Belatedly, the media appears to have woken up to the threat posed by data retention to whistleblowers and journalists. All it took was two-and-a-half years, three inquiries and the intelligence committee of the federal Parliament bending over backwards to get them to step up on the issue.

The third inquiry — after one into national security reform proposals, including data retention, in 2012-13 and one specifically into data retention reported last month — is specifically focused on “access to journalists’ telecommunications data”. And the remit is very broad: “The authorisation of a disclosure or use of telecommunications data for the purpose of determining the identity of a journalist’s source.”

The inquiry was the result of a deal within the committee — Labor strongly supported the model now being adopted in the UK, where police have to get a judicial warrant if they want to obtain metadata on journalists’ sources, while government senators resisted the push. The committee has a strong, though not completely perfect, record of unanimous reports, so the compromise was for a separate inquiry that wouldn’t hold up the bill. Labor traded away the strong hand of being able to delay the bill in exchange for giving the media industry a final chance to put its case, without the static of national security issues.

The industry did put its case during the previous inquiry. The Media Entertainment and Arts Alliance made a submission, as did the mainstream media organisations acting jointly, expressing concern about the impact on press freedom; other outlets like The Guardian and Private Media, publisher of Crikey, also made submissions raising such concerns. What the issue failed to attract was much in the way of actual press coverage. That finally started to change, but not til JCIS had already issued its report giving the tick to mass surveillance. The week after the report, the ABC’s Media Watch carried some of Australia’s most senior journalists attacking data retention; even The Australian’s Cameron Stewart, a former spy and hitherto a fan of mass surveillance, expressed concerns about protecting sources under a data retention regime. The Financial Review carried a damning op-ed by Law Institute of Victoria president Katie Miller and even ran a rather dodgy poll of 200 subscribers that showed little support for the scheme.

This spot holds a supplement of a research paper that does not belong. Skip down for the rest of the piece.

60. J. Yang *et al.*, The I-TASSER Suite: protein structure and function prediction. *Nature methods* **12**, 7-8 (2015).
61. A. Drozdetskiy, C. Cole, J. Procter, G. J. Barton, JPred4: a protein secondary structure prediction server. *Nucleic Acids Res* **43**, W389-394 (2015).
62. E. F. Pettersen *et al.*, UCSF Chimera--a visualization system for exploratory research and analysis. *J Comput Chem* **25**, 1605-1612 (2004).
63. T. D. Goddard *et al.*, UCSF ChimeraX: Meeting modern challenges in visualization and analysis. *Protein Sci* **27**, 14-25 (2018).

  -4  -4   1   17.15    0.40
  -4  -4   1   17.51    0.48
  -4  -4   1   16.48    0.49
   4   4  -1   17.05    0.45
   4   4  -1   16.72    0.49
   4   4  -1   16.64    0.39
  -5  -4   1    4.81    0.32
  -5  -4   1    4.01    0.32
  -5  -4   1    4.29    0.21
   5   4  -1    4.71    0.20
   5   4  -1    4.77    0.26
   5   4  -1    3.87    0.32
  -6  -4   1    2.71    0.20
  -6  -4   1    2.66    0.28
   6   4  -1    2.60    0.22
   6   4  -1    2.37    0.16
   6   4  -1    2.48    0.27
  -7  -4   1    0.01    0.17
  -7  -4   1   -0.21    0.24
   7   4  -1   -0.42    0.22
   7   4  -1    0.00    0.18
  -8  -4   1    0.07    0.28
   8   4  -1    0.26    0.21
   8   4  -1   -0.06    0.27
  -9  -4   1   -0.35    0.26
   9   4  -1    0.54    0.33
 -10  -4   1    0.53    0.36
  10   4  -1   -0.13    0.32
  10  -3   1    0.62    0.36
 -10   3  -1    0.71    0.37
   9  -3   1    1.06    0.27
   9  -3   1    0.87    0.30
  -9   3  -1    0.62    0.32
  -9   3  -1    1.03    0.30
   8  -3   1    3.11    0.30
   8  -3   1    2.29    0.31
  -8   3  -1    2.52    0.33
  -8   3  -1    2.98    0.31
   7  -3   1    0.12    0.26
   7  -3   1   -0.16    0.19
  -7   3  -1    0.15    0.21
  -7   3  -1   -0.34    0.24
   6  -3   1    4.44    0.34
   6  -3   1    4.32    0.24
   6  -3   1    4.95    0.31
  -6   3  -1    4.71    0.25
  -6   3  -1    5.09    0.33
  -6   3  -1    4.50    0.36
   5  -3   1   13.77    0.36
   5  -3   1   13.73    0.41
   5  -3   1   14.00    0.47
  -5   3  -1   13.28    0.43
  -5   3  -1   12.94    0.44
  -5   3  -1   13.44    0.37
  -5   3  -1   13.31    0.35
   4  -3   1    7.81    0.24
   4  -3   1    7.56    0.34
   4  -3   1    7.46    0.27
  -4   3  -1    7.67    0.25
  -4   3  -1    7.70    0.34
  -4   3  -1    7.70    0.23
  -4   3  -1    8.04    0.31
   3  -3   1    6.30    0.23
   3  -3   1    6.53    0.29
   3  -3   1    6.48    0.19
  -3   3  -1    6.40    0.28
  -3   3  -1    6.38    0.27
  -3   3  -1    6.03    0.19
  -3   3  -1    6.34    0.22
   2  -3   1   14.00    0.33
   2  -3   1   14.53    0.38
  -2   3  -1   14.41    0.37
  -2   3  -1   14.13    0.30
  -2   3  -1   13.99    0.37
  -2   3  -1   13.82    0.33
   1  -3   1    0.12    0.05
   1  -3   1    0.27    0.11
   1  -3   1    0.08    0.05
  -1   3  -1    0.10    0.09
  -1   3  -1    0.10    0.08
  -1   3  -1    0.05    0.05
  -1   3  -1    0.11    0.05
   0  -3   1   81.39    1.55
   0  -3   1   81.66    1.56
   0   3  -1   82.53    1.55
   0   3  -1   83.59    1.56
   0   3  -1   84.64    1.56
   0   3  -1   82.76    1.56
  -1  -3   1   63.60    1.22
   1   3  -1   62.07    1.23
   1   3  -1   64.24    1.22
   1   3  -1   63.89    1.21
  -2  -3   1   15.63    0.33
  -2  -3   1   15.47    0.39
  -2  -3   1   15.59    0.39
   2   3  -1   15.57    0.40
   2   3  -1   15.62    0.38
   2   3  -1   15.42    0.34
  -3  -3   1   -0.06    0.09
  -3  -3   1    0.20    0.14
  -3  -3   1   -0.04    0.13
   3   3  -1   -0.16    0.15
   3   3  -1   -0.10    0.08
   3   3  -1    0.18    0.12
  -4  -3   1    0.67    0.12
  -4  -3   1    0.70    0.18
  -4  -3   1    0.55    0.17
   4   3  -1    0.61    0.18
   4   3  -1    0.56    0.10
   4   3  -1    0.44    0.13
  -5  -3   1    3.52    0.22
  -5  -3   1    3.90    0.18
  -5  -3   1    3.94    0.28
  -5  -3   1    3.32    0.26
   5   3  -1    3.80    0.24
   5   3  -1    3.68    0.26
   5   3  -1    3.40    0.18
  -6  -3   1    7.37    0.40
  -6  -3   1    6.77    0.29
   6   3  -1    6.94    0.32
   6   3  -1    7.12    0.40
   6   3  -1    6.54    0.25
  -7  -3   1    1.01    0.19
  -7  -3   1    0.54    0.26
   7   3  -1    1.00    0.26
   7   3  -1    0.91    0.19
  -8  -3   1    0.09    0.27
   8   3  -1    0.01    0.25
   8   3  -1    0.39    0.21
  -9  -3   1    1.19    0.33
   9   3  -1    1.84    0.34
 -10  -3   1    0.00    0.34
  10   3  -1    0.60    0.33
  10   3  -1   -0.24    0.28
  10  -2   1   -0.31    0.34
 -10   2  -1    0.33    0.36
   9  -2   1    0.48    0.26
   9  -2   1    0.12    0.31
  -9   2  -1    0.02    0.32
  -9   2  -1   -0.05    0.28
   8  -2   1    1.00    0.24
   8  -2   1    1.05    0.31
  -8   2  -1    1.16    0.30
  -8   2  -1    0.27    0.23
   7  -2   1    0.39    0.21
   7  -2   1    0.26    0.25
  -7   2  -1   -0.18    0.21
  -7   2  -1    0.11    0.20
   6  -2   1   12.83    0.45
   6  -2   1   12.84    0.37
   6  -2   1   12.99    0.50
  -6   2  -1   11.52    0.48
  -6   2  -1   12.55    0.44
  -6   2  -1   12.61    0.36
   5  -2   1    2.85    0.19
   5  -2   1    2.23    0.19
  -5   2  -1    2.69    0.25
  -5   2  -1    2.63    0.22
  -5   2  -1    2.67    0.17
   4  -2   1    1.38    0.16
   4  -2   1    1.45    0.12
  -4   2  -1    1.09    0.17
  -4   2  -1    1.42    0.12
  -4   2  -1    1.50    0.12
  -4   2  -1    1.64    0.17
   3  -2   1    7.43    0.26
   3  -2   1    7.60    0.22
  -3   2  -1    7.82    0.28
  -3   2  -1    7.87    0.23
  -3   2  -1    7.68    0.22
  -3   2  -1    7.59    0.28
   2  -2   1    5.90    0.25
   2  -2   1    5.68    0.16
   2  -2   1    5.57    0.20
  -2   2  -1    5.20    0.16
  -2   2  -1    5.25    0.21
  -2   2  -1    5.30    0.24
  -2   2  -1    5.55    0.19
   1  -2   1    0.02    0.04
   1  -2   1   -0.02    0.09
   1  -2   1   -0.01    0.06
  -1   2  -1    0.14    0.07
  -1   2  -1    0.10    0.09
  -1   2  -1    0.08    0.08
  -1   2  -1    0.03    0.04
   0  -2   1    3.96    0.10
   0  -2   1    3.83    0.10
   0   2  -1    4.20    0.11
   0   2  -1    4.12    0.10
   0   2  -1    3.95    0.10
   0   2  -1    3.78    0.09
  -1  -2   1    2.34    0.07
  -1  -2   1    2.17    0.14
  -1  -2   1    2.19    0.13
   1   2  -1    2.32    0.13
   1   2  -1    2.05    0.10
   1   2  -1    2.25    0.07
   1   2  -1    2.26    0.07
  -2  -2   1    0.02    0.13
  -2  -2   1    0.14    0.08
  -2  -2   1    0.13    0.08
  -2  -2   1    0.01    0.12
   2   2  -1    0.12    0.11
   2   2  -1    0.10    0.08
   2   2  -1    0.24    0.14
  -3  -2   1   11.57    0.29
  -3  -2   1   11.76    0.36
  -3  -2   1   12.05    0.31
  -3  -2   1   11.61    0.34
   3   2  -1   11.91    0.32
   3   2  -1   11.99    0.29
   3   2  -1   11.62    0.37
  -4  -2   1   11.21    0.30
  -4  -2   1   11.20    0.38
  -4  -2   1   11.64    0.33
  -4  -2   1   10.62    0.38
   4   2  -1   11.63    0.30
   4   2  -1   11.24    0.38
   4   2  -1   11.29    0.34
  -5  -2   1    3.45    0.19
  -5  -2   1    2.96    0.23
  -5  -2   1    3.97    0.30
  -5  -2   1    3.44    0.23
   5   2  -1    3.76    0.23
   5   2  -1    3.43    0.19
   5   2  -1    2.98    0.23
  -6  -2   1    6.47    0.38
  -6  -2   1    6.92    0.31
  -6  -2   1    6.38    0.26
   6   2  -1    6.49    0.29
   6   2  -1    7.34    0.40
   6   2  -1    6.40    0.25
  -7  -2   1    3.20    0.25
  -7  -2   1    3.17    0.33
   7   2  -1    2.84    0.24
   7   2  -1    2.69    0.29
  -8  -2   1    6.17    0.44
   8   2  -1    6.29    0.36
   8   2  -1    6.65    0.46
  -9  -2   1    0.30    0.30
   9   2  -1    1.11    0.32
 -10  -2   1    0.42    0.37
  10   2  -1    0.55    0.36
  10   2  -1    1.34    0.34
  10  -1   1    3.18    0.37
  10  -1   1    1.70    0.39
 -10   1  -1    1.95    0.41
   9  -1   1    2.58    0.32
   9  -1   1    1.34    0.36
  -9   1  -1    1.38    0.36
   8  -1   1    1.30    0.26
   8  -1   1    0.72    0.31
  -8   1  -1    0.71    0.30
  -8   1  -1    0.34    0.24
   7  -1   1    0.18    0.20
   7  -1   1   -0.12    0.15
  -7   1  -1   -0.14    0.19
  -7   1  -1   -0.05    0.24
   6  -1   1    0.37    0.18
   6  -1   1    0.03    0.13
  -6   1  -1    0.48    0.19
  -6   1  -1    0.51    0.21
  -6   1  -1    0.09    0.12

Why the reaction from the media, and in particular from journalists who will be directly affected by data retention, has come so late is a mystery — the ramifications of storing everyone’s communications information have been apparent for years. Then again, much of the media only woke up to the potential impact of last year’s “special intelligence operations” provisions — which could jail journalists for revealing intelligence activities even by accident — once the law had passed. Attorney-General George Brandis eventually had to respond to that by proposing amendments that would require the Attorney-General to sign off on any such prosecution — not exactly the most comforting thought.

Bear in mind that when it comes to tracking down journalists’ sources, all that glitters is not dross. The UK move follows a report by a government watchdog on the level of police accessing of journalists’ metadata; as the report noted, many of the cases related to Operation Elveden, the investigation into bribery of public officials by UK media outlets. As a consequence of that investigation, a number of police, as well as journalists, have been prosecuted, convicted and jailed. Then again, that’s what happens when the media abuses its power — it creates justifications for those who want to restrict it.